New-CimInstance -ClassName MSFT_FileDirectoryConfiguration -Property @{
                DestinationPath = $finalPath
                Ensure = 'Absent'
            } -Namespace 'root/microsoft/windows/desiredstateconfiguration' -ClientOnly

Fine when your resource returns data, but when you want to invoke with an embedded type (aka sub-type, nested type), you can’t always change the code invoking it (say the LCM).
Bear in mind PS 5.1 is set in stone, so it won’t get updated.

And that leads us to the major flaw, in my opinion, for the former JSON-based DSC resource proposal: We’d have to replace the [Microsoft.Management.Infrastructure.CimInstance[]] with [PSObject].

With this change, embedded objects passed to Get/Set/Test will be PSObjects instead of CimInstances. Unless the script is explicitly checking that it is a CimInstance, existing code should work with PSObject.

Doing so would break compatibility between PS 5.1 and PS 7+ for any resource using such subtypes / embedded objects.

Using class-based DSC resource, and the if {} else {} workaround I mentioned above, would support greater backward compatibility scenarios.

Obviously, there’s still a lot of differences between PS5.1 and PS7 which means for some resources it may not be possible to be used in PS7 anyway
The most common example could be because the supporting module is still a snap-in (looking at you, SharePoint), and/or some modules don’t support PowerShell Core yet.

And from there, there are some more legitimate questions to consider, keep reading.

DSC Community does not use class-based resources

This is true, but it’s somewhat accidental.

Microsoft and the DSC community came up with the High Quality Resource Module (HQRM) guidelines years ago, and at that time it was important to support WMF 4.0 (aka DSCv1).

Another argument was the difficulty to do Unit testing of PowerShell classes, which I’ll cover further down.

The DSC Community has re-evaluated its position (in the community calls) and concluded they do not see a strong case to spend time supporting Windows Server 2012 R2 and, even less, WMF 4.0. Older versions of the resource modules are still available in the gallery if needed.

Now in the past few months we have discussed several times the pros and cons to moving to class based resources, and we agreed that there’s a few sticky points:

  • We value quality and consistency across our many repositories.
  • We need to make it easy for contributors to use class based DSC Resources and testing it.
  • Several ways exists for doing Class resource, only one is valid, and needs to be documented.
  • We can only move all resource modules to Class resource when our tooling supports it (DscResource.Test, Sampler, DscResource.AnalyzerRules…).
  • We needed more (community) experience.

Since then we had a DSC Community call were Bartek Bielawski (@bielawb on Twitter) came to present on the class resources that he’s been using in production for a while (along with Daniel Both @poshboth).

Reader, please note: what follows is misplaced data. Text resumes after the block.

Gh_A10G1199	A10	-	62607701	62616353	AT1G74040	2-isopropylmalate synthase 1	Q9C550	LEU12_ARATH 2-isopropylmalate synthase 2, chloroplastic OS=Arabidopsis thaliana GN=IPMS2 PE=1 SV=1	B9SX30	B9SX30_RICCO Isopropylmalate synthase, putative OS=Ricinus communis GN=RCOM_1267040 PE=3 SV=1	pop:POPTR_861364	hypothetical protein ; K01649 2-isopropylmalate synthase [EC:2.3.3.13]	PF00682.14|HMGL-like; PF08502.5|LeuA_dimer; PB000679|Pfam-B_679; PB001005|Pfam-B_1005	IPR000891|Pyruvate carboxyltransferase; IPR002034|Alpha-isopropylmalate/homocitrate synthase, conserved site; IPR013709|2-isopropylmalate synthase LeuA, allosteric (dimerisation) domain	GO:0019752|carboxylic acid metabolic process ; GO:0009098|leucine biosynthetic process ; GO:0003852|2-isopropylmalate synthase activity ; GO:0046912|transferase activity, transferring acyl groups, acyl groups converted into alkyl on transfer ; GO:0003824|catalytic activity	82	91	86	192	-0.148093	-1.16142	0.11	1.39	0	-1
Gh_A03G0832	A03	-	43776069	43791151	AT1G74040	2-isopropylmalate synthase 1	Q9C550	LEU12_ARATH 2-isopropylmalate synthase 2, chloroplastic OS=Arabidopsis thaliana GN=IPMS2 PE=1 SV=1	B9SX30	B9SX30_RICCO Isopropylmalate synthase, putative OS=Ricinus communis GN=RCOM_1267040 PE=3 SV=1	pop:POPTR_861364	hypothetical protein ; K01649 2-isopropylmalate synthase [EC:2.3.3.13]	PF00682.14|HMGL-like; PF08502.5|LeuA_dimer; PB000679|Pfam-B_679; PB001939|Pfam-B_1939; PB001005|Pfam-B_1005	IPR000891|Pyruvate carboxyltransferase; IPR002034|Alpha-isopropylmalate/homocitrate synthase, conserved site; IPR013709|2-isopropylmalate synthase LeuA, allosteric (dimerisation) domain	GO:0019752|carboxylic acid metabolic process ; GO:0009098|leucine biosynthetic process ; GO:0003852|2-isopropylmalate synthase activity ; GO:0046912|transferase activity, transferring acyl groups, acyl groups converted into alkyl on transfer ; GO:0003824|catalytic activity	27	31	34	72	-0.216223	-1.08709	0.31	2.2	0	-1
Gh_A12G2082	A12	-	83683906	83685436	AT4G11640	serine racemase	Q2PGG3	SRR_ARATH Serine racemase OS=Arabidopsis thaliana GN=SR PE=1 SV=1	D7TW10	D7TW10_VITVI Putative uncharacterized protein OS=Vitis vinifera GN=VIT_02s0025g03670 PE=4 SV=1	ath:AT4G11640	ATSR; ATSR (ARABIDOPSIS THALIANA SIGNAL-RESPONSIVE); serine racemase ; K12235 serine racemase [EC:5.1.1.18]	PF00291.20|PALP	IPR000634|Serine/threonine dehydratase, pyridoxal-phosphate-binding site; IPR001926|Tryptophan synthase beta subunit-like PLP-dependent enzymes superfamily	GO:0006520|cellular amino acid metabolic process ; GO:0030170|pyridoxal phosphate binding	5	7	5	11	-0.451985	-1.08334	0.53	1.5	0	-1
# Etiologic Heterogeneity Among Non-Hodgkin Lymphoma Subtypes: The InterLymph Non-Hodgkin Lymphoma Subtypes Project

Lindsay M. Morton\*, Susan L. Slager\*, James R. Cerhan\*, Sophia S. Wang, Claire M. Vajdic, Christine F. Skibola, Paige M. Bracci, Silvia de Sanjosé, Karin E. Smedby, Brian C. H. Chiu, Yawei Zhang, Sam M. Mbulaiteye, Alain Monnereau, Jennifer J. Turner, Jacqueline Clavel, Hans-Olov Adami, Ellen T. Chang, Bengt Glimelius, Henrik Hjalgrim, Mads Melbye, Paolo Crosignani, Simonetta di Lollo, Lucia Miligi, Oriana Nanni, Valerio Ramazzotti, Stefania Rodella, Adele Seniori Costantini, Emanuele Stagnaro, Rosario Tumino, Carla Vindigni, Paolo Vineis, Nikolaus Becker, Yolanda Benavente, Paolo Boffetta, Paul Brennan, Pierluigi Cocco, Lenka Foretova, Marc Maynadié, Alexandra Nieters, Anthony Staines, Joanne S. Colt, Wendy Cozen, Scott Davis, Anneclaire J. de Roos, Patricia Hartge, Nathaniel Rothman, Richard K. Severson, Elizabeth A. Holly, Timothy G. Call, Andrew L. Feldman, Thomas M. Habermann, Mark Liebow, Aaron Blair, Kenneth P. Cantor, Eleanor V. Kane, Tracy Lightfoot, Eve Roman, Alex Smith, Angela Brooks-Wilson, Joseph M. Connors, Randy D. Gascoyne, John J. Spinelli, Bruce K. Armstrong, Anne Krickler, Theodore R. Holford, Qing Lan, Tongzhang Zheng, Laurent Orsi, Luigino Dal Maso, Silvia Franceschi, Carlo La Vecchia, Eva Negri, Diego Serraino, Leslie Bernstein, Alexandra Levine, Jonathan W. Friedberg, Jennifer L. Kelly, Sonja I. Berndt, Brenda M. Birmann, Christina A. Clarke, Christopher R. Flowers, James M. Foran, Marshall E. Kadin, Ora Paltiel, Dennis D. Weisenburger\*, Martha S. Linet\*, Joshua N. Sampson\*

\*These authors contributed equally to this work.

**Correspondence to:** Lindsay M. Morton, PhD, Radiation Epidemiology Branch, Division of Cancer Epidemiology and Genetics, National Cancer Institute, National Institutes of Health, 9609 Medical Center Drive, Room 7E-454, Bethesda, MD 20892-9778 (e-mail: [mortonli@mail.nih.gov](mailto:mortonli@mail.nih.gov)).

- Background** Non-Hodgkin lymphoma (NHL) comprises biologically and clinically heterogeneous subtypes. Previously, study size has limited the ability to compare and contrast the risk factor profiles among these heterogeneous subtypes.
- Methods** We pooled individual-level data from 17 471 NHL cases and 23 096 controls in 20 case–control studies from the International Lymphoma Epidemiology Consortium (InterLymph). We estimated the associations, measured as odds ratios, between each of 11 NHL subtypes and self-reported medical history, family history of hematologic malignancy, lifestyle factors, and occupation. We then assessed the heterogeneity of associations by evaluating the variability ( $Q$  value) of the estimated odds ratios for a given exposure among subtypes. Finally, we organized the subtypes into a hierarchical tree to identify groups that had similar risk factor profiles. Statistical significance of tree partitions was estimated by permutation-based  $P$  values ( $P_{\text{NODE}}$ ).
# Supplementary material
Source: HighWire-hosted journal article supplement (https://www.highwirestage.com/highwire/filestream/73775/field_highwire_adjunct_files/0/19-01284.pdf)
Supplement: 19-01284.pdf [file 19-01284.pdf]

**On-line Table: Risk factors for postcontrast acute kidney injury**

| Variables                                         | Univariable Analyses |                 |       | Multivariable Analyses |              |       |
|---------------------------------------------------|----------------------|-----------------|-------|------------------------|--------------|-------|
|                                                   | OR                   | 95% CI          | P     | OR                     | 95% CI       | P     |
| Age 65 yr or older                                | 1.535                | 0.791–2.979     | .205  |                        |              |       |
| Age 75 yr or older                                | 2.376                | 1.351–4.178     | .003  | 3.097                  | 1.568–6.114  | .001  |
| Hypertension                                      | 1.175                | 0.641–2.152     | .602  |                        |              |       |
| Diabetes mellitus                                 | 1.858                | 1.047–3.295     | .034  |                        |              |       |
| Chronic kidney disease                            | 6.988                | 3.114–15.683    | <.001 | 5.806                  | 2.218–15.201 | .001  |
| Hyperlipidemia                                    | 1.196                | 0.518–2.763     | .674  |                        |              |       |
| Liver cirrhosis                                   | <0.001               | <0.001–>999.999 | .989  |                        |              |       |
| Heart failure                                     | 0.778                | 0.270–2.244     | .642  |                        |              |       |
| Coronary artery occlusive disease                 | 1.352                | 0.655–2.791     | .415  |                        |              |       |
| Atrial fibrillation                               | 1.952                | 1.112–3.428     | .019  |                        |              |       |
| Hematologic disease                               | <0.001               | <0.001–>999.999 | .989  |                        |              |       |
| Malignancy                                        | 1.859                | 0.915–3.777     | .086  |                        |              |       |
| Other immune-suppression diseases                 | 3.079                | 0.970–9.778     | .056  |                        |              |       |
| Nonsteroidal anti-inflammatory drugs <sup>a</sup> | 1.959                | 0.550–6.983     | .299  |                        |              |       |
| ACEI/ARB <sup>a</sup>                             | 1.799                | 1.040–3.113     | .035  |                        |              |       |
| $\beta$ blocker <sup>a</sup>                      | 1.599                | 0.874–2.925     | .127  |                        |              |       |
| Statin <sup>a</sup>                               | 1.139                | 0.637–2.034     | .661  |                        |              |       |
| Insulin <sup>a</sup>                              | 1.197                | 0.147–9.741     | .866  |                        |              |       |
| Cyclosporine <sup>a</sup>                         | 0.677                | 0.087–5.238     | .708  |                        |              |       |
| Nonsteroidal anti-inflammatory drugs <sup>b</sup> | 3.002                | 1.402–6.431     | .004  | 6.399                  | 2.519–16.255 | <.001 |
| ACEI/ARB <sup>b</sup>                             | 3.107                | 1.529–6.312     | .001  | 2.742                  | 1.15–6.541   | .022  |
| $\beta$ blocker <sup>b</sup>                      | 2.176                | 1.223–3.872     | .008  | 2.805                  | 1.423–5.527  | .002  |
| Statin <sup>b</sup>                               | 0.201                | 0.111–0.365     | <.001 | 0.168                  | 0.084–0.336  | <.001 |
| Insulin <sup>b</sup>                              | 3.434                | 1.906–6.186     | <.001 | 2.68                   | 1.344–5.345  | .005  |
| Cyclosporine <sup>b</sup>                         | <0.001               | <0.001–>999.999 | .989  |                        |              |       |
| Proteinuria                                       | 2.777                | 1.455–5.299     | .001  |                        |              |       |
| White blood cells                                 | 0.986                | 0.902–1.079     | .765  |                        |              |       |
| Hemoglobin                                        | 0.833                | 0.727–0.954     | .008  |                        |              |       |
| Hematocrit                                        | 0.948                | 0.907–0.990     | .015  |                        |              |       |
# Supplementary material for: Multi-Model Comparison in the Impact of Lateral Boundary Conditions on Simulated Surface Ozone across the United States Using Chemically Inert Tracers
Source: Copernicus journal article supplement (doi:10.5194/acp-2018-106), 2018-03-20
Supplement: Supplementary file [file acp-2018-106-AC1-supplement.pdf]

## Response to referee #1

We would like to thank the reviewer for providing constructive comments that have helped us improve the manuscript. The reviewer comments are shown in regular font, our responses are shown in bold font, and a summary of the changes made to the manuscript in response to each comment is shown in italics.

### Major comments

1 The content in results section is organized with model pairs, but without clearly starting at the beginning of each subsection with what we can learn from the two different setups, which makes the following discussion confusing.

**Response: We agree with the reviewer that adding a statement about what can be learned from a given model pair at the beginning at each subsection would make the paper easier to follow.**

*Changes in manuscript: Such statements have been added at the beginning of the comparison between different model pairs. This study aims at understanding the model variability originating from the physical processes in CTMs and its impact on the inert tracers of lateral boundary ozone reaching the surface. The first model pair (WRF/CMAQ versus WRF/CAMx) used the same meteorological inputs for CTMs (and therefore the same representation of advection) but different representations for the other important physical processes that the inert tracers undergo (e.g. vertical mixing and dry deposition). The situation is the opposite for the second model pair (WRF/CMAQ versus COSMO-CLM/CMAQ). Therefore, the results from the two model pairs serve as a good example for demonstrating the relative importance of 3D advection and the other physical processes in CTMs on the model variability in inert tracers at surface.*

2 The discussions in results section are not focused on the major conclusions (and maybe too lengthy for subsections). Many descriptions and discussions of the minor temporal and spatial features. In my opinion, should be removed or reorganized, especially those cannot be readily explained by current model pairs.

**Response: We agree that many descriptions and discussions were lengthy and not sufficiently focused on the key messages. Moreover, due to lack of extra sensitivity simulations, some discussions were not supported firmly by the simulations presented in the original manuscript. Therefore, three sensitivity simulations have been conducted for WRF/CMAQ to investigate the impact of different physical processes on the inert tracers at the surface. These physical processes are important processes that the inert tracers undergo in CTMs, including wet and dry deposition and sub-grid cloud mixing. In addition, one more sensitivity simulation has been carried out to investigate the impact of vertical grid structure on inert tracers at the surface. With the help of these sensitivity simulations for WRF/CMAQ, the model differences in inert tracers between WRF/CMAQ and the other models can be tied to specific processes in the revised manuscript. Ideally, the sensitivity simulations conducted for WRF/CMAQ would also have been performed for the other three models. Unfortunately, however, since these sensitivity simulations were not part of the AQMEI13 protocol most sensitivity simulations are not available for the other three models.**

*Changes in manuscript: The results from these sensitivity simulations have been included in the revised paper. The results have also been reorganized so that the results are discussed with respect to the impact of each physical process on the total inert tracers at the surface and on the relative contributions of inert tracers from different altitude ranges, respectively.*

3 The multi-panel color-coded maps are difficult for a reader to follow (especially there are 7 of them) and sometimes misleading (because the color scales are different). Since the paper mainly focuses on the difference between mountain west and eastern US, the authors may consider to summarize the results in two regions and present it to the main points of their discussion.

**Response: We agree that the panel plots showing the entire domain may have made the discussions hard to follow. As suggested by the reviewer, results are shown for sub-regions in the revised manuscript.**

We also got more experience with Class-based resource with JeaDsc, although it’s not the approach I would recommend today. Great experience nonetheless, and great work.

We’ve made several changes to our pipeline automation, and getting to a point (soon) where adding DSC Class Resource should be easier.

I also had to dig a lot deeper when I worked on the Invoke-DscResource RFC with the PowerShell team for PowerShell 7.

During this experimentation, and also following the great work done by Michael Lombardi at Puppet to “Puppetize” DSC Resource modules, we identified some challenges in getting type information for DSC resources, and that Classes could make this easier.

I also found that converting a MOF schema to a PowerShell Class, and then adding the content from the PSM1 of those Get/Set/Test functions to the created class, could be automated using AST.

That’s definitely a tool the DSC community would like to invest time on, as a matter of priority.

So even if the DSC Community is not widely using Class-based resources, people in the community have been using them in production for quite some time already, with no extra issues over MOF based ones, as long as you do it a certain way, which I’ll document another day (in short make the class parts of your main module’s PSM1, no nested-module or DSCClassBasedResources nonsense ;) ).

We’ve also identified what we need to do, and we’re working on it already, even before the PowerShell team made those plans.

Unit Testing classes and Class-Based DSC Resources is hard

Yes, but no. Ok, maybe…

When they came out, that was one of the original blocker, along with supporting WMF4. They were new, we had little experience with them, and the “traditional” way to mock them was not working.

Now, the way DSC uses PowerShell Classes is relatively simple and you can achieve something close to mocking by using different techniques, such as using script Method on your object.
This was well documented by Ben Gelens (@bgelens) back in his DockerDsc module.

$dockerDsc = [DockerService]::new()
$dockerDsc.Ensure = [Ensure]::Present
$dockerDsc = $dockerDsc | Add-Member -MemberType ScriptMethod `
  -Name ResolveDockerDPath `
  -Value { return 'TestDrive:\dockerd.exe' } `
  -Force `

Mock -CommandName Get-Service -MockWith {[pscustomobject]@{Name='Docker'}}